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Biomass plant gets off to slow start

(1/17) Thurmont’s proposed eco-friendly power plant that could open as early as 2011 has gotten off to a slow start, though there are some encouraging signs.

“It’s almost like I have to prove the job is feasible before I can get the grant to do the feasibility study,” said Bill Rodenberg, owner of Energy Management Strategies,
Rodenberg updated the town commissioners on his progress on conducting a feasibility study for a power plant that runs on biomass and wood waste.

“We came up with a plan that we think, for different reasons, make almost everybody happy,” Rodenberg said during the Jan.7 commissioners meeting.

Thurmont hired Energy Management Strategies in September to develop ways that the town can provide electricity to its current customers. Rodenberg is certified by the Association of Energy Managers as an energy manager.

Thurmont owns the distribution network for many of the town residents, but has to buy power to be distributed through it co-op with other municipalities. While many residents of the county have seen electric rate hikes in the range of 70 percent, Thurmont’s recent hikes added up to about 46 percent.

By generating and distributing its own electricity, the town will have better control over the rates charged to its customers. However, the way the town will be able to stabilize the rates will be by not connecting the power plant’s energy source to a fossil fuel. The plan is to use wood wastes and biomass like animals wastes to generate electricity.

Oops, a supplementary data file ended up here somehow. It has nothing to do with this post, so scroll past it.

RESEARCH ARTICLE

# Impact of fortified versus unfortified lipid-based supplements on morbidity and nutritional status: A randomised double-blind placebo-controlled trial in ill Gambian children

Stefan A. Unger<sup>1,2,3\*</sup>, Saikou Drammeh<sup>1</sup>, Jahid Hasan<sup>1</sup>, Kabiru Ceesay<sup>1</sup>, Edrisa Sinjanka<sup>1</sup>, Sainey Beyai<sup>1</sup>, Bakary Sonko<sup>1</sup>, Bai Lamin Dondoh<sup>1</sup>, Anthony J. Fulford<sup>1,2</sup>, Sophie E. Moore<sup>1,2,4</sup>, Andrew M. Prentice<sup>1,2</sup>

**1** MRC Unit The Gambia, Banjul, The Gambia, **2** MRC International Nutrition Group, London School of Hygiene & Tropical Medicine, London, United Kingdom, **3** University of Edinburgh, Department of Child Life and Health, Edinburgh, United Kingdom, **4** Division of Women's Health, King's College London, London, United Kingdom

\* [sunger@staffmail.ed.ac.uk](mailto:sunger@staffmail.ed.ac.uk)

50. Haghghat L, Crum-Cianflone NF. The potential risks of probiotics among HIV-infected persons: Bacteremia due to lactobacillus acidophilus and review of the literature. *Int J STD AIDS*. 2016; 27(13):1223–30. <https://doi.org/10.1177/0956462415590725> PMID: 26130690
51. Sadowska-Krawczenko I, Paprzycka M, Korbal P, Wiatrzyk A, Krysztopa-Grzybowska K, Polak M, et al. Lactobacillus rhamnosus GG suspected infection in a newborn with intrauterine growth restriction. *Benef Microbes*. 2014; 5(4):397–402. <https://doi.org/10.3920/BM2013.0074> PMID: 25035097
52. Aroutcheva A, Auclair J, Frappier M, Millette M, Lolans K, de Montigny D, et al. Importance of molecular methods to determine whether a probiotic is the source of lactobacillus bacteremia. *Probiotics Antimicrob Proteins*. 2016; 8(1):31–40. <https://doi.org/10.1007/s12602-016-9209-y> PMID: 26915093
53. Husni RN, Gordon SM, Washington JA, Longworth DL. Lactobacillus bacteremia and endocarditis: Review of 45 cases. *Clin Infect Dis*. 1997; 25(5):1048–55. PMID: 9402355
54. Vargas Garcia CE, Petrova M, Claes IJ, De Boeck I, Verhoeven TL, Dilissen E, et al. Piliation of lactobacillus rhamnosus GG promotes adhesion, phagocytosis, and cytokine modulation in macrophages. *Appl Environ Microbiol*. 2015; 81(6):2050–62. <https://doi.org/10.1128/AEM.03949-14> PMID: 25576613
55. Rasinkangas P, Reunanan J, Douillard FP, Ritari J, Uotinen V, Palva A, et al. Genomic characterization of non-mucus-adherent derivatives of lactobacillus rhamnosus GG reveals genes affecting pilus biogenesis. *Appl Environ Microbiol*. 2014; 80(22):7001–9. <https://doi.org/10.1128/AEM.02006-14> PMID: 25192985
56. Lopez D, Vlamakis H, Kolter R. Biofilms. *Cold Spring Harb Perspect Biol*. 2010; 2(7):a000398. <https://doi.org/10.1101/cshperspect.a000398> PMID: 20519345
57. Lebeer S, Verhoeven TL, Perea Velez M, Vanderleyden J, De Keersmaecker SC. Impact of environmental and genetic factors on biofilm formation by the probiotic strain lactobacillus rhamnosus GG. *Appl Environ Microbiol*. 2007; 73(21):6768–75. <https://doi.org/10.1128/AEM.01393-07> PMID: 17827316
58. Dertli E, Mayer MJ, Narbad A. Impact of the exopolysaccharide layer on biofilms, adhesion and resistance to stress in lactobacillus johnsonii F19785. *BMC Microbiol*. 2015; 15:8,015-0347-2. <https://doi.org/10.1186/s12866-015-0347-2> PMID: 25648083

“This is a case where we can do something positive financially by controlling costs, at the same,” Rodenberg said.

The plant will be able to remove 1.4 million tons of carbon dioxide from the atmosphere annually, according to Rodenberg.

“That is not small. That is not insignificant,” he said.

The estimated costs to construct a 30 megawatt plant would be around $60 million.
“To the best of my knowledge, this would be the largest biomass plant in the United States,” Rodenberg said.

Because the technology uses renewable resources, the plant would also create energy credits that power companies that don’t use enough renewable energy resources would be anxious to buy. There are also many low-interest loans available to plants that would use renewable sources of energy.

“If we were willing to sell the REC’s (Renewable Energy Credits) to Allegheny (Power), they’d finance it (the plant) only they don’t know it yet. That’s how desirable these REC’s are,” Rodenberg said.

The hope is that the plant would also act as an economic development tool by attracting businesses that could benefit from stable power costs. Rodenberg said he has already spoken to one company that is thinking of moving 25-40 jobs to a new location and is willing to consider Thurmont.

Anyone with questions about the plant can e-mail Rodenberg at

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